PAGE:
I have long admired the work and reputation of Medair, an international agency relieving human suffering in some of the world’s most remote and devastated places. I was glad to be contacted a few weeks ago and asked to undertake a technical consultancy for them in the world’s youngest country, S. Sudan.
Basic services we take for granted in the UK (electricity, water and sewerage) can be absent or inconsistent in developing countries, and a significant challenge for relief agencies is maintaining electrical infrastructure to safe and effective standards. For this reason I was contracted to assess and make recommendations for improvements to the electrical supply and distribution at the Medair Office and Accommodation compound in Juba.
Great to be back in the field, and in a location I am familiar with from Tearfund days. I felt thoroughly welcomed by the Medair team and was able to dive right into the fascinating conundrum presented by their compound electrics. After a security briefing, general briefing and site tour I began lifting the cover on various parts of the system to understand how mains power, generator power, solar power and inverted battery power are supposed to be distributed to deliver 24/7 supply across the site.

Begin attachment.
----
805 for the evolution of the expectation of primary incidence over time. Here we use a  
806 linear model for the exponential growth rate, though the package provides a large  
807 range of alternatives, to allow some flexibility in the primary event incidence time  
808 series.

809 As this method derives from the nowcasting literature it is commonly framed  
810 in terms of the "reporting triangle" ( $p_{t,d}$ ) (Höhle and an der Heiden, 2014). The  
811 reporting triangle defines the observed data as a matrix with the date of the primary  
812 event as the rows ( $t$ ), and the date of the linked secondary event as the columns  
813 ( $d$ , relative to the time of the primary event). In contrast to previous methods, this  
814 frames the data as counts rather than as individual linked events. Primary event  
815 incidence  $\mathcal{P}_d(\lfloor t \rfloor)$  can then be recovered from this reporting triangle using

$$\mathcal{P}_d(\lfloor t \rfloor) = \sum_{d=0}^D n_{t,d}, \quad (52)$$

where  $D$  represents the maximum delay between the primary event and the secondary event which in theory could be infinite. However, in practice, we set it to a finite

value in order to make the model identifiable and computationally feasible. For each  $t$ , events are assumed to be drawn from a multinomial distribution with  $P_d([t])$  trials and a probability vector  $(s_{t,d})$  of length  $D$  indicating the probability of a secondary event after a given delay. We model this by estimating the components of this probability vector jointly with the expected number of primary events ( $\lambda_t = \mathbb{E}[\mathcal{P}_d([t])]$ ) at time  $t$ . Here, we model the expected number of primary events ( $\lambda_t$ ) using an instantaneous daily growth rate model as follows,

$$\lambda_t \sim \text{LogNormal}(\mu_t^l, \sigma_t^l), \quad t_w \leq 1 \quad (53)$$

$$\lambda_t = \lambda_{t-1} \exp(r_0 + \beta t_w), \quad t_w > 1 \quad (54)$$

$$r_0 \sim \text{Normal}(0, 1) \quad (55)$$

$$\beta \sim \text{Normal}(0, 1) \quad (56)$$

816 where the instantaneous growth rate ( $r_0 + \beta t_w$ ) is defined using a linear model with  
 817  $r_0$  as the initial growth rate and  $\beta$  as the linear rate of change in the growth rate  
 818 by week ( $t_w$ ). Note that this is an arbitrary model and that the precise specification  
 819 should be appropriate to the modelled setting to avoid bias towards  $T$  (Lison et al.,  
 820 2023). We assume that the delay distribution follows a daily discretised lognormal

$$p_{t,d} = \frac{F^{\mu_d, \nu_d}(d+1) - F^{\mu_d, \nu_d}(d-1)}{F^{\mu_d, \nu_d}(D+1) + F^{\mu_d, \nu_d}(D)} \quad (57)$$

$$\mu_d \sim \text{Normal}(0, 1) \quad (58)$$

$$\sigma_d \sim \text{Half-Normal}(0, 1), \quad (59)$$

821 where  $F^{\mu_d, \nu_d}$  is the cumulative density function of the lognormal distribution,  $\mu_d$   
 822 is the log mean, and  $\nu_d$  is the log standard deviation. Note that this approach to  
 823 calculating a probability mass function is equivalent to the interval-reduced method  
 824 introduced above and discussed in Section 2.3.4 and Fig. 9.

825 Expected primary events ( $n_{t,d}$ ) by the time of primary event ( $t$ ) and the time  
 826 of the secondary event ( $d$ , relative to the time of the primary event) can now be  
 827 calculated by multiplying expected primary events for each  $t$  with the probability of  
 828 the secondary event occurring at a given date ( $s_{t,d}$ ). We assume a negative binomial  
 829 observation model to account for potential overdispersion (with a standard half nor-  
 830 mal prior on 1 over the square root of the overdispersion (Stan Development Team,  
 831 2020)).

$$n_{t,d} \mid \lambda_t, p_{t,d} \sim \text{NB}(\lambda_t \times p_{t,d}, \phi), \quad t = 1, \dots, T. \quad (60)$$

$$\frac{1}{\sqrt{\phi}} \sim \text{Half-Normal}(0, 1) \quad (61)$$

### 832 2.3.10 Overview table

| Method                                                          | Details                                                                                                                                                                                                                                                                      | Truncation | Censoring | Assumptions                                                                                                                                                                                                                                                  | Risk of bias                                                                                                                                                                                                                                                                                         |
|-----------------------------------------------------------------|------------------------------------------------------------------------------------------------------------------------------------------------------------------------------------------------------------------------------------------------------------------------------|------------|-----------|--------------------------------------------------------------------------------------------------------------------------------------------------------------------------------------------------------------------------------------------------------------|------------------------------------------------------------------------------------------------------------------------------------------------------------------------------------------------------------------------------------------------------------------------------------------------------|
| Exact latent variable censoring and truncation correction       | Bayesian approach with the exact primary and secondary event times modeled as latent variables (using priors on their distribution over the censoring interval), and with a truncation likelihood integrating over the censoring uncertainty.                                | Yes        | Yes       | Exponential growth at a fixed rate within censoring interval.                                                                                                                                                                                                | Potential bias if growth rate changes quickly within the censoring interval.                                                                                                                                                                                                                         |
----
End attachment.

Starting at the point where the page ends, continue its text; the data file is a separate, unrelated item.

It was encouraging to find that several key aspects of the system were of high quality and well installed, due to the efforts of a previous Medair logistician and experienced electrician. As ever the biggest challenge is often the local wiring, which is a credit to the ingenuity of those who put it in, who always find a way to get electricity to come out at the other end. The difficulty is the scenic route that electricity takes, often down very thin poor quality wires of indiscriminate colour coding, and not infrequently electrifying parts of the circuit which should never be live.
The tendency of poor wiring to act like a fuse in the event of a surge, and melt together with other wires is the source of many ills in NGO compounds. Working with electricity requires constant vigilance about what is live to avoid a shocking time. Mercifully careful planning, working at odd hours to avoid disrupting staff, and locking the generator shed ensured I could poke around without any hair raising experiences.
More novel hazards included live snake eggs found inside a double wall socket, torrential rain and broken roofing tiles, and the fact that repairing a 500W halogen security light is a superb way to meet all the insect life from a half mile radius!
After 12 days assessing, advising, speaking with staff and suppliers, and re-wiring some aspects of the system, I felt confident to complete my recommendations and action plan. Happily it is now possible to find contractors in Juba able to repair and upgrade electrical systems to satisfactory standards, and who are able to accommodate the requirements of international organisations. I enjoyed my time with Medair immensely and wish the team every success as they continue to meet the needs of people exposed to extraordinary poverty.